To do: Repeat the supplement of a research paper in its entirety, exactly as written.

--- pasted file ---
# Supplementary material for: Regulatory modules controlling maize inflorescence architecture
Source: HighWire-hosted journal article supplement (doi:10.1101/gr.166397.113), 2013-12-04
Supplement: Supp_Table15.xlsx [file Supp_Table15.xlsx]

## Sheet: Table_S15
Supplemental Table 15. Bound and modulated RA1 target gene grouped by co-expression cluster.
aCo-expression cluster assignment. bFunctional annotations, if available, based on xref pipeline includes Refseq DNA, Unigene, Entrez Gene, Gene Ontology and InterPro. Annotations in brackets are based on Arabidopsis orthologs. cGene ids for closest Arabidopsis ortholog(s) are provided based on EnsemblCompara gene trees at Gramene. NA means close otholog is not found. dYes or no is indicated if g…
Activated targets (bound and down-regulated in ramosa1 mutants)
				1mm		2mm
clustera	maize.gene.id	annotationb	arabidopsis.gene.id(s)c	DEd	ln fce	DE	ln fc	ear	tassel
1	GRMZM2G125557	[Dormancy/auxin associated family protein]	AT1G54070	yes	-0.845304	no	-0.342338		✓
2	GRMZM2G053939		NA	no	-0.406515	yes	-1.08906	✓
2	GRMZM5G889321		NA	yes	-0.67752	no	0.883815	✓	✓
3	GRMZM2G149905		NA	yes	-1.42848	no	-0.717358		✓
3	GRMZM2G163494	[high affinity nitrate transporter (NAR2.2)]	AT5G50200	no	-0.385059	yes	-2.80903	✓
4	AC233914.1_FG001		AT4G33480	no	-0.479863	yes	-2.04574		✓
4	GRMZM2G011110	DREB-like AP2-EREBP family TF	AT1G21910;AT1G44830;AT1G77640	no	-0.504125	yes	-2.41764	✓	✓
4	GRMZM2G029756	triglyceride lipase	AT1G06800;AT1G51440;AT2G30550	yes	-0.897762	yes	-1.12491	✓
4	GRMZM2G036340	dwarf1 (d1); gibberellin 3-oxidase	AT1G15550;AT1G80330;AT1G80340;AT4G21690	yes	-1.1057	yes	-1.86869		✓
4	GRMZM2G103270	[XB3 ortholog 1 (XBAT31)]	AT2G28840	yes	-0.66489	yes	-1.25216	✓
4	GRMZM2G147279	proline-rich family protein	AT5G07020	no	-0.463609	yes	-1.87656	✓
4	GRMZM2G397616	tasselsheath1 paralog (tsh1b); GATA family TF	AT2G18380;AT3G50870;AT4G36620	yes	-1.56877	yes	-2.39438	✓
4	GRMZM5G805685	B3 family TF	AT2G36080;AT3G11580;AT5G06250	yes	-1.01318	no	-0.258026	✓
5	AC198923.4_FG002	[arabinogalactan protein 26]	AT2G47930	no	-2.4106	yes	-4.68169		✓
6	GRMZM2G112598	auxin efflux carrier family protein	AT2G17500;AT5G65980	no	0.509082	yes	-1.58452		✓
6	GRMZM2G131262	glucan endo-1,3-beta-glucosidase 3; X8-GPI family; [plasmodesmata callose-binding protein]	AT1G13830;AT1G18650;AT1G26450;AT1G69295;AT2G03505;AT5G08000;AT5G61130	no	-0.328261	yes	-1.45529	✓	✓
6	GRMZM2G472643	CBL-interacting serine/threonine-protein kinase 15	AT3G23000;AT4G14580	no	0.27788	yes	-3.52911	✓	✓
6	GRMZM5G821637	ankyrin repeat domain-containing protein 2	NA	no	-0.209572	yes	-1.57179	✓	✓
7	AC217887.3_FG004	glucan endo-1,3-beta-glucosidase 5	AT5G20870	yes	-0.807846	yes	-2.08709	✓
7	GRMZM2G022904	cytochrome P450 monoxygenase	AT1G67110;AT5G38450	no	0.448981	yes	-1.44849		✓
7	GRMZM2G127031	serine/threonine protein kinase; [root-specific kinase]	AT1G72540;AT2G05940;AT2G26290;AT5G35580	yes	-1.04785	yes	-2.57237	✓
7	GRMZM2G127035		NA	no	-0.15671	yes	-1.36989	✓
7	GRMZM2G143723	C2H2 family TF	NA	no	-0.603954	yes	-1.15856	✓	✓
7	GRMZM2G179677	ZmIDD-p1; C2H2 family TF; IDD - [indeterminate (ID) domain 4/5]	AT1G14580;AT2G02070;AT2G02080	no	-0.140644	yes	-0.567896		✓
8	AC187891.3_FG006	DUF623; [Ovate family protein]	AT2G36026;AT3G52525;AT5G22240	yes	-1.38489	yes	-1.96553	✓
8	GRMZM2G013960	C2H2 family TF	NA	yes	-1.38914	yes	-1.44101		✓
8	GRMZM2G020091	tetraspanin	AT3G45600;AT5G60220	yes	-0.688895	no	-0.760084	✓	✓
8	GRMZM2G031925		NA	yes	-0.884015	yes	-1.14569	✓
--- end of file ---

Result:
# Supplementary material for: Regulatory modules controlling maize inflorescence architecture
Source: HighWire-hosted journal article supplement (doi:10.1101/gr.166397.113), 2013-12-04
Supplement: Supp_Table15.xlsx [file Supp_Table15.xlsx]

## Sheet: Table_S15
Supplemental Table 15. Bound and modulated RA1 target gene grouped by co-expression cluster.
aCo-expression cluster assignment. bFunctional annotations, if available, based on xref pipeline includes Refseq DNA, Unigene, Entrez Gene, Gene Ontology and InterPro. Annotations in brackets are based on Arabidopsis orthologs. cGene ids for closest Arabidopsis ortholog(s) are provided based on EnsemblCompara gene trees at Gramene. NA means close otholog is not found. dYes or no is indicated if g…
Activated targets (bound and down-regulated in ramosa1 mutants)
				1mm		2mm
clustera	maize.gene.id	annotationb	arabidopsis.gene.id(s)c	DEd	ln fce	DE	ln fc	ear	tassel
1	GRMZM2G125557	[Dormancy/auxin associated family protein]	AT1G54070	yes	-0.845304	no	-0.342338		✓
2	GRMZM2G053939		NA	no	-0.406515	yes	-1.08906	✓
2	GRMZM5G889321		NA	yes	-0.67752	no	0.883815	✓	✓
3	GRMZM2G149905		NA	yes	-1.42848	no	-0.717358		✓
3	GRMZM2G163494	[high affinity nitrate transporter (NAR2.2)]	AT5G50200	no	-0.385059	yes	-2.80903	✓
4	AC233914.1_FG001		AT4G33480	no	-0.479863	yes	-2.04574		✓
4	GRMZM2G011110	DREB-like AP2-EREBP family TF	AT1G21910;AT1G44830;AT1G77640	no	-0.504125	yes	-2.41764	✓	✓
4	GRMZM2G029756	triglyceride lipase	AT1G06800;AT1G51440;AT2G30550	yes	-0.897762	yes	-1.12491	✓
4	GRMZM2G036340	dwarf1 (d1); gibberellin 3-oxidase	AT1G15550;AT1G80330;AT1G80340;AT4G21690	yes	-1.1057	yes	-1.86869		✓
4	GRMZM2G103270	[XB3 ortholog 1 (XBAT31)]	AT2G28840	yes	-0.66489	yes	-1.25216	✓
4	GRMZM2G147279	proline-rich family protein	AT5G07020	no	-0.463609	yes	-1.87656	✓
4	GRMZM2G397616	tasselsheath1 paralog (tsh1b); GATA family TF	AT2G18380;AT3G50870;AT4G36620	yes	-1.56877	yes	-2.39438	✓
4	GRMZM5G805685	B3 family TF	AT2G36080;AT3G11580;AT5G06250	yes	-1.01318	no	-0.258026	✓
5	AC198923.4_FG002	[arabinogalactan protein 26]	AT2G47930	no	-2.4106	yes	-4.68169		✓
6	GRMZM2G112598	auxin efflux carrier family protein	AT2G17500;AT5G65980	no	0.509082	yes	-1.58452		✓
6	GRMZM2G131262	glucan endo-1,3-beta-glucosidase 3; X8-GPI family; [plasmodesmata callose-binding protein]	AT1G13830;AT1G18650;AT1G26450;AT1G69295;AT2G03505;AT5G08000;AT5G61130	no	-0.328261	yes	-1.45529	✓	✓
6	GRMZM2G472643	CBL-interacting serine/threonine-protein kinase 15	AT3G23000;AT4G14580	no	0.27788	yes	-3.52911	✓	✓
6	GRMZM5G821637	ankyrin repeat domain-containing protein 2	NA	no	-0.209572	yes	-1.57179	✓	✓
7	AC217887.3_FG004	glucan endo-1,3-beta-glucosidase 5	AT5G20870	yes	-0.807846	yes	-2.08709	✓
7	GRMZM2G022904	cytochrome P450 monoxygenase	AT1G67110;AT5G38450	no	0.448981	yes	-1.44849		✓
7	GRMZM2G127031	serine/threonine protein kinase; [root-specific kinase]	AT1G72540;AT2G05940;AT2G26290;AT5G35580	yes	-1.04785	yes	-2.57237	✓
7	GRMZM2G127035		NA	no	-0.15671	yes	-1.36989	✓
7	GRMZM2G143723	C2H2 family TF	NA	no	-0.603954	yes	-1.15856	✓	✓
7	GRMZM2G179677	ZmIDD-p1; C2H2 family TF; IDD - [indeterminate (ID) domain 4/5]	AT1G14580;AT2G02070;AT2G02080	no	-0.140644	yes	-0.567896		✓
8	AC187891.3_FG006	DUF623; [Ovate family protein]	AT2G36026;AT3G52525;AT5G22240	yes	-1.38489	yes	-1.96553	✓
8	GRMZM2G013960	C2H2 family TF	NA	yes	-1.38914	yes	-1.44101		✓
8	GRMZM2G020091	tetraspanin	AT3G45600;AT5G60220	yes	-0.688895	no	-0.760084	✓	✓
8	GRMZM2G031925		NA	yes	-0.884015	yes	-1.14569	✓